Short Video about the PRLIS

Village Earth’s Lakota Lands Recovery Project was started out of this expressed desire from the residents of the Pine Ridge Reservation. Since 2003, the Lakota Lands Recovery Project has worked alongside tribal members moving in this direction. Our approach has been to provide direct support to Lakota families who are utilizing Reservation lands, providing fiscal sponsorship, small grants, loans, and releasing over 100 head of buffalo onto Lakota family ranchers. Our other complimentary approach has been to provide advocacy, information and tools to those who would like to begin to move in that direction. In 2008, with support from the Indian Land Tenure Foundation we developed the Pine Ridge Strategic Land Planning Map Book and distributed it through Strategic Land Planning Workshops held in each of the Nine Districts on the Reservation. The map book, addressed a particular challenge expressed by tribal members, accessing information about their lands and the options available to them. This is a common problem across Indian Country and is a serious obstacle for Native American’s wanting to utilize their lands. According the Indian Land Working Group:

Over the past 100 years, the government has implemented their “highest and best use” management policy by leasing Indian Land to non-Indians. This continues today, as is evidenced by the fact that of the 9 million acres of trust land classified as agricultural, 6 million is lased to non-Indians. A leasing cartel has been created because Indian landowners have had limited access to information and resources necessary to use and manage allotted trust lands.

To begin to address this need, Village Earth’s Stategic Land Planning Map Book provide full color aerial photos with parcel information for the entire reservation, sample forms and step-by-step procedures for doing land exchanges, partitions, gift deeds, and other tools that Tribal land owners can use to gain greater control over their lands. It was very well received across the Reservation but it was costly to print and distribute. Furthermore, land owners could only get a limited view of their lands. This new tool supports both of these strategic directions while making it more accessible and dynamic.

Using the PRLIS, tribal members can:

  • Search for individually allotted and Tribal owned trust lands using the Tract ID found on their government land reports.
  • View, print and share a web link for the boundaries of specific land tracts.
  • View Pine Ridge lands with various base layers including Google and Bing aerial photography, Google and Bing roads, Google and Bing Hybrid, and terrain.
  • View a Landsat TM Image which can be used to assess the management and of lands on Pine Ridge.
  • View a map of the Range Units that are leased across Pine Ridge.
  • View the Boundaries of the Reservation today and as defined in the 1851 and 1868 Treaties.
  • We plan to soon add other demographic, cultural, political information to the PRLIS.

Village Earth has developed this as a demonstration and is open to consult with other Tribes interested in developing their own low-cost online land information systems. For more information about the Pine Ridge Land Information System or the Lakota Lands Recovery Project contact David Bartecchi at [email protected]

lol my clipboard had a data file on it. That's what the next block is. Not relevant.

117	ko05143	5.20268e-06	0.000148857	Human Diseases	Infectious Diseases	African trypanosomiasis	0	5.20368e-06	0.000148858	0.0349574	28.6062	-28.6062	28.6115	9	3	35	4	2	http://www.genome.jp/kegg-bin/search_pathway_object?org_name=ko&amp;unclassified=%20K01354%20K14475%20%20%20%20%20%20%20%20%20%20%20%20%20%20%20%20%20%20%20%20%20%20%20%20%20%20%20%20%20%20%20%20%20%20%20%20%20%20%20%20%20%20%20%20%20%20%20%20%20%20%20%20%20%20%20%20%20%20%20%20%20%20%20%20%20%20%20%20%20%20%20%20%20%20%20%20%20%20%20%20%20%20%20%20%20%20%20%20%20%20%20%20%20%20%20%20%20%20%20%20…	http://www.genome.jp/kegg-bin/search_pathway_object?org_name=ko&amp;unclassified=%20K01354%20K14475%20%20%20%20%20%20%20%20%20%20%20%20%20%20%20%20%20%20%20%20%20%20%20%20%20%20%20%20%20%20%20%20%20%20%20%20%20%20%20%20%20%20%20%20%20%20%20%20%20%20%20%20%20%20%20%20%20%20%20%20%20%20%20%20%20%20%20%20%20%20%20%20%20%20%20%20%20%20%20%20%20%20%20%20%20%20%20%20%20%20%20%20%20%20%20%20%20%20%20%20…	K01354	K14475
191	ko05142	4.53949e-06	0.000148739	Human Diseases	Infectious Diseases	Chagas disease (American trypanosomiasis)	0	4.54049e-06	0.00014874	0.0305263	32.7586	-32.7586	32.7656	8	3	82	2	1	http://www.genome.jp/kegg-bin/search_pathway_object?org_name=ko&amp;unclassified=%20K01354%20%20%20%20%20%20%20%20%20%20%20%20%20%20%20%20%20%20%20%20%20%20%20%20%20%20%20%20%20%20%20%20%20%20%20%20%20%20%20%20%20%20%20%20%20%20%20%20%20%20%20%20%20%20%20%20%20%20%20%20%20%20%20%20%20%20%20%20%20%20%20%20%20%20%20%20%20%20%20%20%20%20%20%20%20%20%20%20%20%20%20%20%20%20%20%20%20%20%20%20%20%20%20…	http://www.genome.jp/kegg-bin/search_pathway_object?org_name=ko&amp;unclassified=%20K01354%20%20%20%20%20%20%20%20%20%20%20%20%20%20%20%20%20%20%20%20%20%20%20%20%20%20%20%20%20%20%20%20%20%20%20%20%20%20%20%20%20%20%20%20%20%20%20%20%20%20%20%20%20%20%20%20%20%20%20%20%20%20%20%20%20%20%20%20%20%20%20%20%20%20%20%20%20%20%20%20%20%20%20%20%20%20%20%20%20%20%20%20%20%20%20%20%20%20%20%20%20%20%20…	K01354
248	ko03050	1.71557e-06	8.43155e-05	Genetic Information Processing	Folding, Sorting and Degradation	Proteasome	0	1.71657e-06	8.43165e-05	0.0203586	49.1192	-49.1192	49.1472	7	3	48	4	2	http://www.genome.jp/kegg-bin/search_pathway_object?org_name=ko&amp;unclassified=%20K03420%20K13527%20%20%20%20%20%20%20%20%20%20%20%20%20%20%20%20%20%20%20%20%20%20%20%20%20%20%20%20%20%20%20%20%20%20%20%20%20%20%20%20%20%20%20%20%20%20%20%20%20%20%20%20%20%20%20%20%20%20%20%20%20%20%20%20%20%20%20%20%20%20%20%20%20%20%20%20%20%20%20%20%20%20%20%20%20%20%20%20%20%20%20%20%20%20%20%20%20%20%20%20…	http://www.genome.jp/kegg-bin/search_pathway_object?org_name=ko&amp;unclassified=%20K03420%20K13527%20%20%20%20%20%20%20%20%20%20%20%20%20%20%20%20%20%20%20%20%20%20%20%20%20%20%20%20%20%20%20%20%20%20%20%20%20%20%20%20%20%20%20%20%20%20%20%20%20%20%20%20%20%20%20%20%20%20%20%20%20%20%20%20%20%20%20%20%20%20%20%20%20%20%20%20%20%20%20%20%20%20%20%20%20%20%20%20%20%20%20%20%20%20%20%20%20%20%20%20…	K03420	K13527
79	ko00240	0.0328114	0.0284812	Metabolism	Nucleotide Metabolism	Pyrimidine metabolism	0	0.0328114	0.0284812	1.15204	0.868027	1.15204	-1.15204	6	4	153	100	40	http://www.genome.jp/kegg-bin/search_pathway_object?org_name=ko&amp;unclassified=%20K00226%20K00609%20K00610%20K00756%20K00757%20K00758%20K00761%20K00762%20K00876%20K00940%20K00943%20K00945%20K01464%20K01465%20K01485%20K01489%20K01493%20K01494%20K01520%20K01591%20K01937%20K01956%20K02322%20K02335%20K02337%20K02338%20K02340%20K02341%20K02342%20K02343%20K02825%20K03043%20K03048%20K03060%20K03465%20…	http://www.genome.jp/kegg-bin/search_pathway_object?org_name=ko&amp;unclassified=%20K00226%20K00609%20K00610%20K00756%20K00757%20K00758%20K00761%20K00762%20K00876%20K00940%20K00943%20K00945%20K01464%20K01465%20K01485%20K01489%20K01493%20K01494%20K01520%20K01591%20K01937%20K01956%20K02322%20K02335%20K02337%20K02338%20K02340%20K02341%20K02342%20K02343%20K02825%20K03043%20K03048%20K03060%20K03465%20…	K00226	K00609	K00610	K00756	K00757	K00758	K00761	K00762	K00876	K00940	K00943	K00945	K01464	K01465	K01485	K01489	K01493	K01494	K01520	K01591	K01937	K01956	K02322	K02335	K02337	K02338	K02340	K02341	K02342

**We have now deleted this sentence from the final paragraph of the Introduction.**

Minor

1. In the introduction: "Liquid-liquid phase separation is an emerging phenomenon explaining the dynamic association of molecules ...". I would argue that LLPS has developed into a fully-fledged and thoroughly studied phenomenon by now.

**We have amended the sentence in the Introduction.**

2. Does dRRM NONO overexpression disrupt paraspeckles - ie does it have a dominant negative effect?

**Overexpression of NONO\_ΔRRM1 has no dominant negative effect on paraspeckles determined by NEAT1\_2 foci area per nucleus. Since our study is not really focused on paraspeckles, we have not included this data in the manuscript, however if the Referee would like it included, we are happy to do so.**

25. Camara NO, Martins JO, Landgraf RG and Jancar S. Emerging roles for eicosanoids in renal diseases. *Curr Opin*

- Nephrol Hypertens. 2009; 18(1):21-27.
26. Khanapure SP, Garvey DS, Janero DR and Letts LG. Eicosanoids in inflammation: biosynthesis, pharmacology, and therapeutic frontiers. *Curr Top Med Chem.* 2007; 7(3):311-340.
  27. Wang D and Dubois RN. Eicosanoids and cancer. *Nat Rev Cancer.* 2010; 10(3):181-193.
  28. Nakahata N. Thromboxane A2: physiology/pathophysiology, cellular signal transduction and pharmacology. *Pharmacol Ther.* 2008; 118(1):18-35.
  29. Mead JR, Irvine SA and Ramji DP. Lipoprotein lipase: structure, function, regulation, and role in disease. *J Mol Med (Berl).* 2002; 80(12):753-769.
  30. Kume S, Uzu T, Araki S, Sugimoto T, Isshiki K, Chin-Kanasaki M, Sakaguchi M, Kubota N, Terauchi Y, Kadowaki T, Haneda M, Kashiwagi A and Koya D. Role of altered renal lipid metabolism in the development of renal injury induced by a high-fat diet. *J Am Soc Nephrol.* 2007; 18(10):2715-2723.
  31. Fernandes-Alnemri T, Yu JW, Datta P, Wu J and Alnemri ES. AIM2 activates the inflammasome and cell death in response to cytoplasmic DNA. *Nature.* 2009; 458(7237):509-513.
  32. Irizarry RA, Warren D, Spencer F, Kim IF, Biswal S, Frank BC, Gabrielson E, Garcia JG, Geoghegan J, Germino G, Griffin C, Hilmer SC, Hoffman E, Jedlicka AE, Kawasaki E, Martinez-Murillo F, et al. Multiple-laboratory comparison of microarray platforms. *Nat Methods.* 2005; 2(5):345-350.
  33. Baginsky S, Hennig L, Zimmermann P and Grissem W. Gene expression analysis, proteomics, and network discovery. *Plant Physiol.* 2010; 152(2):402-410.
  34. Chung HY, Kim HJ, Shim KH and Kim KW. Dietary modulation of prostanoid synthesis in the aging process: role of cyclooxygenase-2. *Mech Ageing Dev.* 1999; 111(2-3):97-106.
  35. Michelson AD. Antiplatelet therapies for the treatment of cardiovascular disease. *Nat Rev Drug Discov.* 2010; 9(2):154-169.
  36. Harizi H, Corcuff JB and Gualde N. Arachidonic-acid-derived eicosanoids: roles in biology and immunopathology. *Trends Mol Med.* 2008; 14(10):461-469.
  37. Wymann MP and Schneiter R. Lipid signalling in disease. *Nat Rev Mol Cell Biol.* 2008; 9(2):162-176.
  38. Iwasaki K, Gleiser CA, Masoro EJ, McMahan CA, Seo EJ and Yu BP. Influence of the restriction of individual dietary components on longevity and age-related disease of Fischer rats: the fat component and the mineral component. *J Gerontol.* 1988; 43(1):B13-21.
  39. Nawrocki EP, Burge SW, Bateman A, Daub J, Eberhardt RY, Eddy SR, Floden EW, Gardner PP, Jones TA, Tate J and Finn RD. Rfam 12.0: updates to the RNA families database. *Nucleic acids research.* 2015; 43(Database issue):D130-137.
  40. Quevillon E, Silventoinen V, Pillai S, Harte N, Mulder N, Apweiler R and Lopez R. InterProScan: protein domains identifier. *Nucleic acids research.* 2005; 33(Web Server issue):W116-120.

The Jenzerá Working Group: Working in support of Indigenous Peoples, Afro-Colombians and Peasants in Colombia since 1998

The Jenzerá working group is currently finishing training activities for the second cohort of its Interethnic School for Conflict Resolution and is supporting the Embera Katío indigenous community of the Lower San Jorge River in Córdoba (Colombia) with local governance efforts.

The second cohort of the interethnic school met five times to discuss issues of human rights, conflict resolution, territorial governance, land and natural resources. The group of forty leaders, most of them young men and women, wrapped up their work for the school by collecting oral histories from their community elders. They then shared this valuable information on local history, culture, customary rules and traditional land-use practices with their peers. They participated in the People’s Congress, a large national gathering of ethnic groups and rural communities in Cali, Colombia (November 2011). Such political events facilitate networking with leaders and organizations and serve as information-sharing forums. Finally, some of Jenzerá’s “students” as we fondly call people who have gone through our training workshops also participated in last month’s “National Meeting of Black Community Councils” which assembled about 700 people from traditional Afro-Colombian communities and black organizations in Bogotá for three days.

In February of this year, Jenzerá began activities in support of the Embera Katío community in the Lower San Jorge River. This community moved here in the 1990s after their ancestral lands were flooded by the URRA hydroelectric project in the Sinú River. The project was wrought with corruption and gross human rights violations, including the assassination by paramilitary forces of a number of Embera Katío leaders and their allies, most notably Kimi Pernía Domicó. Jenzerá staff has been carrying out short and long-term visits to the area in support of community leaders. The activities are led by Aquileo Yagarí, Governor of the Karmata Rua Emberá Chamí Indian reserve, Jenzerá member and participant of Jenzerá’s first Inter-ethnic School.

Jenzera continues to visit schools in Bogota to raise awareness among urban children and young adults about the plight, but also achievements, of Colombia’s indigenous and Afro-Colombian communities. The organization has an active research agenda and has published various manuscripts (you can “befriend” us in Facebook (in English) or go to (in Spanish) to find some of these resources). More recently Efraín Jaramillo, Jenzerá director, published a set of essays on Indigenous Communities and the State in Colombia and Marcela Tobón Yagarí (Jenzerá “student” and working group member) presented findings on the crisis of teenage suicides in Colombian indigenous communities in a comparative study that included work on Brazil and Peru.